Contrary to the claims of some in the House, these reforms did not appear mysteriously out of nowhere. We have had an extensive consultation process. My predecessor launched the green paper on 7 July 2010. Then we announced, during the 2010 election campaign, that we would implement these very reforms. Since that time, we have worked hard to consult with the banking industry to ensure these reforms were commercially workable while minimising implementation costs for industry. For example, in the lead-up to the Deputy Prime Minister's announcement of the Gillard government's comprehensive banking reform package—in the period prior, from July to December 2010—the Department of the Treasury met with the Australian Bankers' Association in no less than nine highly productive, face-to-face meetings. The government has continued to work closely with industry on implem­entation. The result is a bill that minimises the implementation costs for industry while also meeting our objective to get Australian families a better deal on credit cards.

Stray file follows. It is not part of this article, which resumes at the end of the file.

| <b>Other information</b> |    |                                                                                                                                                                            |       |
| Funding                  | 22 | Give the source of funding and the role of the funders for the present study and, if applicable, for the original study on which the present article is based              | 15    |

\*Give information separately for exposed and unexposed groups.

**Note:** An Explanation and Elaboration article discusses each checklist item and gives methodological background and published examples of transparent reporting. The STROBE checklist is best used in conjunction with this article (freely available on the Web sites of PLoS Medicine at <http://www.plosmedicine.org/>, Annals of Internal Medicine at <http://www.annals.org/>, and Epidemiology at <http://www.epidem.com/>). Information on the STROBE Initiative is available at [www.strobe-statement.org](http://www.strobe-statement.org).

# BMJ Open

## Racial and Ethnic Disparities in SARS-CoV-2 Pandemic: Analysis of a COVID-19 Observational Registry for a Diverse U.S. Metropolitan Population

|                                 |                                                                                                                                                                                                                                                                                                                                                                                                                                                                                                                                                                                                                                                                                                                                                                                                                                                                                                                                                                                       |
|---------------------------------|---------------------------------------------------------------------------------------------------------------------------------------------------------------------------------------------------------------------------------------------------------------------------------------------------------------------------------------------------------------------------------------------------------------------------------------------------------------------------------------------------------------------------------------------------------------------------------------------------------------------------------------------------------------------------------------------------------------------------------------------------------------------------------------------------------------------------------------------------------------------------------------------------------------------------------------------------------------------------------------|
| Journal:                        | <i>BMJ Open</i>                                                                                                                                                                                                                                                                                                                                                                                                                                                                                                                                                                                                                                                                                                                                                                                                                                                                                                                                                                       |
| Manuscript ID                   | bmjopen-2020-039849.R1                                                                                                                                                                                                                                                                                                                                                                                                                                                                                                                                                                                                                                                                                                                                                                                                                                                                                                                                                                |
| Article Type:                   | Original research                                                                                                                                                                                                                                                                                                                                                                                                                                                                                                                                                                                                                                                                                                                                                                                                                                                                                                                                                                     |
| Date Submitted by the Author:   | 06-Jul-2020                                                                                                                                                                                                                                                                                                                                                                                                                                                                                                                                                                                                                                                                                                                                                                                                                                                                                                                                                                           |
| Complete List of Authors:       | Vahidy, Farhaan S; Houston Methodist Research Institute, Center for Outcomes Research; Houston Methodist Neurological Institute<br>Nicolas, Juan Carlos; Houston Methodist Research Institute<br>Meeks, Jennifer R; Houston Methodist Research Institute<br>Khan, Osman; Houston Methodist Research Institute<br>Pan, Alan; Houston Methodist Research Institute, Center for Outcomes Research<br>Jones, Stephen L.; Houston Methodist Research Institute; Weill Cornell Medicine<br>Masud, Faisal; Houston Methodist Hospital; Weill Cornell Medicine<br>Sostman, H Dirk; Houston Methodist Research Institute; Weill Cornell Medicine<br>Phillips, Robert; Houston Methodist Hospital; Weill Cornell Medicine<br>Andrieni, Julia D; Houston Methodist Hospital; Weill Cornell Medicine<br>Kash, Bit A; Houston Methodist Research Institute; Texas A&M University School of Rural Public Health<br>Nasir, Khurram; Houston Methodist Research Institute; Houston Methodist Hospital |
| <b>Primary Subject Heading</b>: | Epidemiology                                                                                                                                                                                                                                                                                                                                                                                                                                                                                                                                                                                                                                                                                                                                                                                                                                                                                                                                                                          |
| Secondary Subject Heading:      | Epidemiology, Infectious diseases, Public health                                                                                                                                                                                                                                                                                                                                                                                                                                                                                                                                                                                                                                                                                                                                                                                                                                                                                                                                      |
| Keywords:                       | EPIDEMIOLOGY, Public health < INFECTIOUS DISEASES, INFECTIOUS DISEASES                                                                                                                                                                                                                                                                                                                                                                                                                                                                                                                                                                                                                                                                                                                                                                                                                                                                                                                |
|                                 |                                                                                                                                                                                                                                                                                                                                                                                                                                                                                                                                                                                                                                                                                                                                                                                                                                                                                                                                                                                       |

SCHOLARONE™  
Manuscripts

This bill will give consumers more say over how they use their credit cards and will ensure that they are fully informed about what they are signing up to. The bill prohibits lenders from sending unsolicited invitations to borrowers to increase their credit limit. Currently, consumers who receive tick-a-box offers can end up overindebted; they can end up with credit limits for amounts they cannot easily repay and with arrangements which cost them more over the long term. Consumers will of course still have the opportunity to increase their credit limit if they decide that is what they want, but this bill will put a stop to consumers being bombarded, every time they open the mail, with preapproved tick-and-flick offers to increase their credit limit. The bill prevents lenders charging exorbitant fees to customers who go over their credit limit, unless those customers have expressly asked for this service. This important reform will mean an end to most credit limit overdraw fees and will mean significant savings for Australian families and all consumers. The bill requires lenders to allocate repayments to higher interest debts first so that families do not pay more interest than they should. A cash advance will be paid off before an interest-free purchase, saving consumers money.